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6 Grand Estates of a Bygone Era

If someone were to ask what it’s like to live in LA, you’d have to tell them, “It depends.” Because where you live can very much determine how you live. And how you live holed up in the mountains can be very different than someone shacked up in the flats. I would argue, however, that that’s one of the things that makes LA so great to live in and to visit, because either way you can be a tourist of how the other half lives. If you’re not already part of the 1%, there are places where you can actually go inside the manors and grand estates where the grass is always greener—instead of competing with tour busses, paparazzi, and other looky-loos for a glimpse at the high-security compound of some teen pop idol who lives there today.

Here are six great places to explore the opulence of yesteryear and experience the grandeur of a bygone era—from the mountains and valley to the beach.

Greystone Mansion, Beverly Hills

Greystone Mansion is a classic example of money not bringing happiness. Built in 1928 by oil tycoon Edward Doheny for his son Ned, the inside of of the manor featured a recreation wing including a bowling alley, elaborately tiled bathrooms, and a giant kitchen; while the exterior was surrounded by formal gardens and a 14-foot deep swimming pool (which has since been filled in and bricked over). However, despite the chauffeurs and the wealth of the oil boom, the Dohenys saw their share of tragedy at Greystone. A little girl who was a visiting friend of daughter Lucy Doheny fell to her death out of an upstairs window. Servants committed suicide. Ned died in a mysterious supposed murder-suicide (or was it a double murder?). Although summertime is usually booked with weddings and whatnot, the City of Beverly Hills opens the mansion up for ranger-led tours during the winter months for a small fee and maintains the grounds and gardens as a free public park all year. Bring a bucket to take a turtle from the reflecting pool home with you.

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Greystone's grim history may attract lovers of the macabre. Photo by Sandi Hemmerlein 
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Forget the murder, suicides and other untimely deaths, check out this perfectly-mowed and lushly-watered lawn. Photo by Sandi Hemmerlein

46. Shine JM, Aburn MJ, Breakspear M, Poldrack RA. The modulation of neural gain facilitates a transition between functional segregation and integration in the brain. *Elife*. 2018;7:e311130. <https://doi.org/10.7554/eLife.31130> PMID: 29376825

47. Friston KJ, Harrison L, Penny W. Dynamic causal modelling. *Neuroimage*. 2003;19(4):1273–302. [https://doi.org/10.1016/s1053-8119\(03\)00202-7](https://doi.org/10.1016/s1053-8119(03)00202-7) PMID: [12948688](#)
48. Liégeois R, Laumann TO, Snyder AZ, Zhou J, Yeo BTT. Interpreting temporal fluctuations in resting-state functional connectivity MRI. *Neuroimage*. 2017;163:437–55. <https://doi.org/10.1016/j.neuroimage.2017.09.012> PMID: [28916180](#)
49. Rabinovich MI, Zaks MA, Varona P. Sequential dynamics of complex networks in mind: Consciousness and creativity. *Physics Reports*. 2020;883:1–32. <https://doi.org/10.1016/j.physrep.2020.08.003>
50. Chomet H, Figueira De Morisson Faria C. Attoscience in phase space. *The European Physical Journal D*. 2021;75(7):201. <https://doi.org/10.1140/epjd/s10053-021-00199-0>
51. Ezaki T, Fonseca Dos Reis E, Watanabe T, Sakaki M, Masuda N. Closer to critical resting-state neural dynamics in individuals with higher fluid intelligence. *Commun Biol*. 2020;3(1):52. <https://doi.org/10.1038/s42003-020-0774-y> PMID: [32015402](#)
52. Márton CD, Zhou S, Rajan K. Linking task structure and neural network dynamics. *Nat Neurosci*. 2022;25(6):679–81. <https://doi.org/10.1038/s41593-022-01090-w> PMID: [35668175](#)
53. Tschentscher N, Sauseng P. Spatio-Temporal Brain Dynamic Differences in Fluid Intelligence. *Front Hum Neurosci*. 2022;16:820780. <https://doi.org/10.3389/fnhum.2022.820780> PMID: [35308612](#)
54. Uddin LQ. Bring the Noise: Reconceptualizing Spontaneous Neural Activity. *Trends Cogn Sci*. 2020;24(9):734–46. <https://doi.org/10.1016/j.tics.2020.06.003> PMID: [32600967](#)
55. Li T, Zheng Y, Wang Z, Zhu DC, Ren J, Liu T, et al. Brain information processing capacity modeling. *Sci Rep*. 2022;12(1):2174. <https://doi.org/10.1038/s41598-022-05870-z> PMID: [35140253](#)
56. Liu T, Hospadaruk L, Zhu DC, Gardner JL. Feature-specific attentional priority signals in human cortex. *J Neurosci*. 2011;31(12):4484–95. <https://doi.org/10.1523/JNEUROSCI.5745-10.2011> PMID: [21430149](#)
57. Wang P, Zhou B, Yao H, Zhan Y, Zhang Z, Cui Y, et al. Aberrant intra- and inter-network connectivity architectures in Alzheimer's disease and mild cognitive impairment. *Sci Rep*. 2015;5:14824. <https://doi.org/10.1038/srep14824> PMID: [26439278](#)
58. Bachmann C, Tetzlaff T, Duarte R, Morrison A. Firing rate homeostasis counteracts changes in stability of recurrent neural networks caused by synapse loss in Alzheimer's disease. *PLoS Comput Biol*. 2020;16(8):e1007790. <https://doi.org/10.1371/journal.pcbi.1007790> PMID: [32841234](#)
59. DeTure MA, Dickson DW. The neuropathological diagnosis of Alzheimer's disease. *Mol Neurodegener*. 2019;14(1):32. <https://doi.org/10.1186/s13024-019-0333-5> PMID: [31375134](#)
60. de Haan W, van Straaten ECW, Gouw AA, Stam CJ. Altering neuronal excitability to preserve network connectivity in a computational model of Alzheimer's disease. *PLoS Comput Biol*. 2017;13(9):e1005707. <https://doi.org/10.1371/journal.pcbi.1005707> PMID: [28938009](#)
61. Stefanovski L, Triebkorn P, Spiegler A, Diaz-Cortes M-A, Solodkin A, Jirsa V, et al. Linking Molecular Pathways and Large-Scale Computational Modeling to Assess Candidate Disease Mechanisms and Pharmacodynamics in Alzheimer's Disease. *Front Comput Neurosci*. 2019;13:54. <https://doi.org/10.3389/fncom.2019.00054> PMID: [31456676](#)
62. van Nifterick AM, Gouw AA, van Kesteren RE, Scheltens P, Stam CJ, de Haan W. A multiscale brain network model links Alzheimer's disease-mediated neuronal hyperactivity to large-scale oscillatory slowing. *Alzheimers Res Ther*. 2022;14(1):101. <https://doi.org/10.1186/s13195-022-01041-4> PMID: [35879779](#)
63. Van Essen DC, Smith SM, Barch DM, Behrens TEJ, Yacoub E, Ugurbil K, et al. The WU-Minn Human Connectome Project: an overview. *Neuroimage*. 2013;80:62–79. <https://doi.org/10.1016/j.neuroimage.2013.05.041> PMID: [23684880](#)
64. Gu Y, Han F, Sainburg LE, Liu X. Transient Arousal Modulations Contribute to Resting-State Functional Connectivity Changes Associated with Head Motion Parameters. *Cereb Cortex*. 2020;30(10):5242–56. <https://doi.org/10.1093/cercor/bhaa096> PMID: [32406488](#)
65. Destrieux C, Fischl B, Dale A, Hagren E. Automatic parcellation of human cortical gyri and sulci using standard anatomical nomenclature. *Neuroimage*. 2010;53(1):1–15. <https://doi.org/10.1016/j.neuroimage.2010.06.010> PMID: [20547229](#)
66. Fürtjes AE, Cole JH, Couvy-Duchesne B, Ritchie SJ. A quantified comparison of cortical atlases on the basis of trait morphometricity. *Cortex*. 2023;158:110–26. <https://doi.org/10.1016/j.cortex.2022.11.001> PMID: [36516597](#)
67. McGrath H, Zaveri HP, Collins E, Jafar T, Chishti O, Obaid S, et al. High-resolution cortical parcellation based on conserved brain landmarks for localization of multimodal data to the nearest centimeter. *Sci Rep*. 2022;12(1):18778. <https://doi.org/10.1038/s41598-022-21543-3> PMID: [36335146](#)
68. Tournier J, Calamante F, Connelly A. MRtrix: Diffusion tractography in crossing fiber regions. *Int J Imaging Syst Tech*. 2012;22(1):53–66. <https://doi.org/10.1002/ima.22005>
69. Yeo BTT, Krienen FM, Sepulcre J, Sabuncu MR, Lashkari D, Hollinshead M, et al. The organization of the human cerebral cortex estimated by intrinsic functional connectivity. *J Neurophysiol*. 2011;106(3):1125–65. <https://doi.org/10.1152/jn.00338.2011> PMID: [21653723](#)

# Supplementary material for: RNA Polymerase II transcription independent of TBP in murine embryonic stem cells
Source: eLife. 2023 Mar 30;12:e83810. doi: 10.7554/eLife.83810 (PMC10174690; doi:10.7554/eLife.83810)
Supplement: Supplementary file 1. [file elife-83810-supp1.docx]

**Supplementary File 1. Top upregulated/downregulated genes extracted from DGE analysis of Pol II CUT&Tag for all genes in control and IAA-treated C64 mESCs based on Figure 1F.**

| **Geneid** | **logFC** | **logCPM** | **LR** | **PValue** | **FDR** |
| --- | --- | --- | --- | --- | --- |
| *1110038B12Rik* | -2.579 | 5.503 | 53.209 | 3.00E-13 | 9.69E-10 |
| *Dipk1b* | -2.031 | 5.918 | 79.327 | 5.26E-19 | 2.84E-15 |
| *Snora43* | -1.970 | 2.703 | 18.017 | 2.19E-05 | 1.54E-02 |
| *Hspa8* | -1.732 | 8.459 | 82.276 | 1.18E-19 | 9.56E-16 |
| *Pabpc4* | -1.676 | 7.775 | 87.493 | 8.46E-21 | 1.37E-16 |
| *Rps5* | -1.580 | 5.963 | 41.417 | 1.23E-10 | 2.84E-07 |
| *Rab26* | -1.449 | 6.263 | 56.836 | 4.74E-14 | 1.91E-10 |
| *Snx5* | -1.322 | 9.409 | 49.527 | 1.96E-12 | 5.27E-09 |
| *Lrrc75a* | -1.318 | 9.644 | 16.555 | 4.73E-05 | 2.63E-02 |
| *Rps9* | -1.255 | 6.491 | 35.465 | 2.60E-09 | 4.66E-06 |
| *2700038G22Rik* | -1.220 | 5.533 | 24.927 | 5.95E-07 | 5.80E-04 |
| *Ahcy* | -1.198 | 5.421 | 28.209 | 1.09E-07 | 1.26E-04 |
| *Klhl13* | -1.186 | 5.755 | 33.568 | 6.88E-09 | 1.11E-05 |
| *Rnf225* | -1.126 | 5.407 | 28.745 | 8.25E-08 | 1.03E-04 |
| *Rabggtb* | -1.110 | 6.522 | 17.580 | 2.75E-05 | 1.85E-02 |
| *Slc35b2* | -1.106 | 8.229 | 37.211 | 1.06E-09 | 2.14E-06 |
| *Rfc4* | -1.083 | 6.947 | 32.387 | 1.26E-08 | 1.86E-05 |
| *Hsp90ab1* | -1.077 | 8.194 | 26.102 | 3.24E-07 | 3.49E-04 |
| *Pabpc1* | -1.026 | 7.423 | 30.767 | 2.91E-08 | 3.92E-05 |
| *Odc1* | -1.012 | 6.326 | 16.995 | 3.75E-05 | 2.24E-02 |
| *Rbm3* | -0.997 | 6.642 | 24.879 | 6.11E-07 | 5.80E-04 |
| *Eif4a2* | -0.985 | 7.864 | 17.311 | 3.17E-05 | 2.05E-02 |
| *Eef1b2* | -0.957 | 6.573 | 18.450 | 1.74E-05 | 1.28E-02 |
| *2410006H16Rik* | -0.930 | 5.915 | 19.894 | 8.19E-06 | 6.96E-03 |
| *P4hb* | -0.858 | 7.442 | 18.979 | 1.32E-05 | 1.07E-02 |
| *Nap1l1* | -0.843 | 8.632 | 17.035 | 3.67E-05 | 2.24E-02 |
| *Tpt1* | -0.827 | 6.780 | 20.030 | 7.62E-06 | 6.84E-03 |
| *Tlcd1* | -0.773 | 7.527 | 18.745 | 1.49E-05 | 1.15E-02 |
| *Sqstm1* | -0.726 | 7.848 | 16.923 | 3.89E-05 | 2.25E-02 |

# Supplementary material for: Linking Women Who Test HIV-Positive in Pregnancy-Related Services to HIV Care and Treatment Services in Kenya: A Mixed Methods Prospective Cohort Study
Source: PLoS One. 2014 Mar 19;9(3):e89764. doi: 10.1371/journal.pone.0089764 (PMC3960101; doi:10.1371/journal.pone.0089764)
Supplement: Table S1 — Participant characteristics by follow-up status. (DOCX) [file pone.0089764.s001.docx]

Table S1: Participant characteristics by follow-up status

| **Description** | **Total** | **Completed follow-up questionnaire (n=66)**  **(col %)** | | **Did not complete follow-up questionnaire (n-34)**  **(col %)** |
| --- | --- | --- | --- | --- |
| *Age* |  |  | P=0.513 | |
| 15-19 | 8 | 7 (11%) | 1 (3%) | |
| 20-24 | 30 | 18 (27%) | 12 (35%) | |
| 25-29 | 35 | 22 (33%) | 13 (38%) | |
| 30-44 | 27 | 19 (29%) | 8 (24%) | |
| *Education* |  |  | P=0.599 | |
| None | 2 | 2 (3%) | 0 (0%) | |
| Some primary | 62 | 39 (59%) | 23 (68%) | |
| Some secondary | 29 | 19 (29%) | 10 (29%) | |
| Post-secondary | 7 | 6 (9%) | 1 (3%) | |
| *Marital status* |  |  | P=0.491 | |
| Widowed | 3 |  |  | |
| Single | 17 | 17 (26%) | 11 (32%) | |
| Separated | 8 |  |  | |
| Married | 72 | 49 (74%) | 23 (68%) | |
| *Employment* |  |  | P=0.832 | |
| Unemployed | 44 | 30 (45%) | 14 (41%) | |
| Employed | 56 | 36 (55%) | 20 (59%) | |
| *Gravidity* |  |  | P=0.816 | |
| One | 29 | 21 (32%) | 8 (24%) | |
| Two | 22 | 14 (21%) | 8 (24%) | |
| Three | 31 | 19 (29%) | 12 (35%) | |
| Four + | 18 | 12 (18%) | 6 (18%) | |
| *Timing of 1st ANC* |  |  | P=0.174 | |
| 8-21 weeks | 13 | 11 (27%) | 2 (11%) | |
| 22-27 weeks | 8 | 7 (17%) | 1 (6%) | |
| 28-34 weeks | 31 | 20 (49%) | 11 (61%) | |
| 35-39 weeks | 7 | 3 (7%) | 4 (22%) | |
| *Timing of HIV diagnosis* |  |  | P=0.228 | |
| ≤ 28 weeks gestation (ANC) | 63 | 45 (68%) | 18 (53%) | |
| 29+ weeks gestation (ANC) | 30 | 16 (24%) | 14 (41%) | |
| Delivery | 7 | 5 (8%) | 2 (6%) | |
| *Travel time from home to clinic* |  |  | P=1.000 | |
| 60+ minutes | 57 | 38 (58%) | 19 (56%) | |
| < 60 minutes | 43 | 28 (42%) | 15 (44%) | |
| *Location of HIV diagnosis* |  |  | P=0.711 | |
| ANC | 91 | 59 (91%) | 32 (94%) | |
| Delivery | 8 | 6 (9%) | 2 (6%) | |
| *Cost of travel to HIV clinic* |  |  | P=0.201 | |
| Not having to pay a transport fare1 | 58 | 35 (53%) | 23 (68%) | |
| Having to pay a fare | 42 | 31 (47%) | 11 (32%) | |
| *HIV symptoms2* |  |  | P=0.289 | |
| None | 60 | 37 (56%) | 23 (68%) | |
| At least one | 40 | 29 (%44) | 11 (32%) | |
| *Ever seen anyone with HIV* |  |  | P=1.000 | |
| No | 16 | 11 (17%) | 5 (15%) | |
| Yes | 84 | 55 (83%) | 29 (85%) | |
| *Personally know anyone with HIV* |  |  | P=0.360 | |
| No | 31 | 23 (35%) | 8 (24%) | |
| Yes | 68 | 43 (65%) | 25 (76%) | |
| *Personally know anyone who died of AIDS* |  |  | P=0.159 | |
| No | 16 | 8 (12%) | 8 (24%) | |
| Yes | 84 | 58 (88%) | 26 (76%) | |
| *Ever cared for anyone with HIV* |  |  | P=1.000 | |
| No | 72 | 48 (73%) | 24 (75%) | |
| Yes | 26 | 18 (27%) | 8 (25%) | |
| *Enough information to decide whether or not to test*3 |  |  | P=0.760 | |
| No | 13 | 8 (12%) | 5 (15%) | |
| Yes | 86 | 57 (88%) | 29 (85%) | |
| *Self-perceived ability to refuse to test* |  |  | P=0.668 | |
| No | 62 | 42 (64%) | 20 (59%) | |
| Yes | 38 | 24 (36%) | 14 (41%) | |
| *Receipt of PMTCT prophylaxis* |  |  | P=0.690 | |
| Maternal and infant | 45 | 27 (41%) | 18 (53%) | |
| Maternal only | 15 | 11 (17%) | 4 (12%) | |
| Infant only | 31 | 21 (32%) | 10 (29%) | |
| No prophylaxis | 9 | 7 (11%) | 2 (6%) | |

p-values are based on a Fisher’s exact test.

Wattles Mansion and Gardens, Hollywood

The Wattles Estate was built in 1907 and designed by Myron Hunt and Elmer Grey as a Spanish-Mission style winter home for Gurdon Wattles, a wealthy Nebraskan who ended up bankrolling much of Hollywood. Before he arrived—and even after—the Hollywood area was mostly farmland, and so he embraced his agricultural surroundings by covering his sprawling parcel of land with a variety of intriguing plantings. Although four of its initial gardens were Spanish like the home itself, there were other gardens—American, Italian, Japanese—and a grove of avocado trees. With his estate and elaborate gardens—which, for the time, was indeed quite grand—Mr. Wattles created a tourist attraction in the middle of the sticks. Unfortunately, those gardens contributed to the estate’s undoing, since squatters ended up taking over the teahouse while the property was falling into severe disrepair after the Wattles family moved out and sold it to LA's Department of Recreation and Parks as a historic site in 1965. Not many Angelenos or tourists have been able to see the inside of it—especially since Hollywood Heritage was evicted in 2009—unless they worked a film shoot or attended a wedding there, but apparently that’s about to change. Wattles Mansion hosted LA’s first-ever design showcase house this year, a move that the City of LA hopes will attract more attention to the site, which is really the last remnant of the grand estates in the area, before Hollywood became “Hollywood.”